State of Union: Economy is key
Bush will lobby for stimulus plan and may call for more measures to ease housing crunch and cut corporate tax rates.
NEW YORK (CNNMoney.com) -- The state of the slowing economy and how to energize it - now and beyond - will be a focal point of President Bush's State of the Union address Monday night.
Bush, in his last year of office, is unlikely to make any new economic proposals, as he has done in past addresses. Last year, for instance, he called for a change in how the government taxes money used to buy health insurance, and he asked Congress to set a goal of reducing American gasoline consumption by 20 percent over 10 years. He is expected to at least make mention of those proposals and urge lawmakers to pursue them further.
"I think there will be a pretty significant emphasis on what they're doing in the immediate term to shore up the economy," said Scott Hodge, president of the Tax Foundation, a research group advocating for a simpler tax code and lower taxes. "There's so much anxiety in the markets and in business. I think he'd want to assure people they've taken the appropriate actions."
This year, before discussing the war in Iraq, Bush will promote and call for swift passage of the $150 billion economic stimulus package brokered between House leaders and Treasury Secretary Henry Paulson.
The stimulus deal may face some resistance in the Senate. Some Democratic senators are unhappy that their House colleagues gave up on the party's push to extend unemployment benefits in addition to offering consumer rebates and business tax breaks.
The economic proposal, announced last week, also includes two housing measures intended to make it easier for consumers to obtain mortgages or refinance expensive subprime loans.
Beyond the stimulus plan. The president will also use the stimulus package as a launching-off point to call once again on lawmakers to permanently extend the tax cuts he engineered in 2001 and 2003 that will otherwise expire in three years. White House Press Secretary Dana Perino said Bush will factor an extension into his 2009 proposed budget, which will be released Feb. 4.
The administration had originally wanted such measures included in the stimulus plan. Proponents and critics of making the tax cuts permanent acknowledged that adding them to a short-term stimulus package could delay its passage because of the fierce disagreement between Democrats and Republicans over the issue.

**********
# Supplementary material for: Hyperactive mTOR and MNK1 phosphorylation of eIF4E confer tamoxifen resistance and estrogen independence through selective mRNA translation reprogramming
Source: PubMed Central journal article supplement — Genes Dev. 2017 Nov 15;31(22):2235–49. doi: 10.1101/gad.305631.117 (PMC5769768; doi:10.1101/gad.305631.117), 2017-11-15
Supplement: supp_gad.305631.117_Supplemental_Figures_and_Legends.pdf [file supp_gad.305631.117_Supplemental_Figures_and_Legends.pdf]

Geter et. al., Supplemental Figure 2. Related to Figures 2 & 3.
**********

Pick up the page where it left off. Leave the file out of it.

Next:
Critics questioned how much such a move would stimulate the economy in the short-term. Proponents, however, said investors and businesses would feel more confident making investments today if they knew what their tax bill will be tomorrow.
"The best thing we can do to deal with uncertainty in the economy is make the tax cuts we passed permanent," Bush said in a speech to congressional Republicans on Friday.
Bush may also use the State of the Union address to push for other measures intended to ease the housing downturn, some experts said.
"Look for a pitch for tax-related provisions, such as opening the door for states to use tax-free bonds to help homeowners refinance out of unaffordable subprime [adjustable-rate mortgages]," said Jaret Seiberg, senior vice president at the Stanford Group, a Washington policy research firm.
Seiberg added that he believes Bush may endorse a real estate industry plan to offer $5,000 tax credits to first-time home buyers.
Reducing wasteful spending. The White House on Monday said the president will warn lawmakers that he will veto any spending bill that doesn't cut earmark spending in half. Earmarks funds for lawmakers' special projects that may benefit only their constituencies, and they're typically not openly debated before passage.
In an attempt to make congressional spending more transparent, Bush will also issue an executive order to federal agencies requiring them to ignore earmarks not spelled out in legislation.
Congress passed more than 11,700 earmarks for a total of $17 billion in fiscal year 2008, the White House noted. Democrats note that nearly half of those earmarks were sponsored by Republicans and were endorsed by the White House.
Giving business a hand. Another measure the president may push for is lower corporate tax rates - a campaign led by Treasury Secretary Henry Paulson.
The stimulus proposal announced last week also includes tax breaks for businesses to spur them to invest in plants and equipment.
"I'm surprised how readily the House agreed to the business tax breaks in the stimulus package. That may empower proponents of lower corporate taxes," said Greg Valliere, chief political strategist at the Stanford Group.
Right now the top income tax rate for corporations is 35 percent. Proponents of lowering it say it puts the United States at a competitive disadvantage since the majority of economically developed countries have lower corporate tax rates. U.S. companies benefit from bigger tax breaks but have to spend time and money to take advantage of them.
"[Bush] could try to put out a marker," said Hodge of the Tax Foundation.
At a conference of CEOs last summer, Paulson asked panelists whether they'd like to see the corporate tax rate lowered to 27 percent from 35 percent and preferences such as the research and development credit eliminated.
Rep. Charles Rangel, D-N.Y., chairman of the House Ways and Means Committee, last fall proposed a major tax overhaul that included lower corporate tax rates. There is little consensus, however, between Democrats and Republicans about how low corporate tax rates should be.
But Bush is not likely to do more than lay out the big picture of his agenda on Monday. "I expect broad statements and no specifics," said Clint Stretch, managing principal of tax policy at Deloitte Tax. More telling, he said, will be the president's 2009 budget proposal.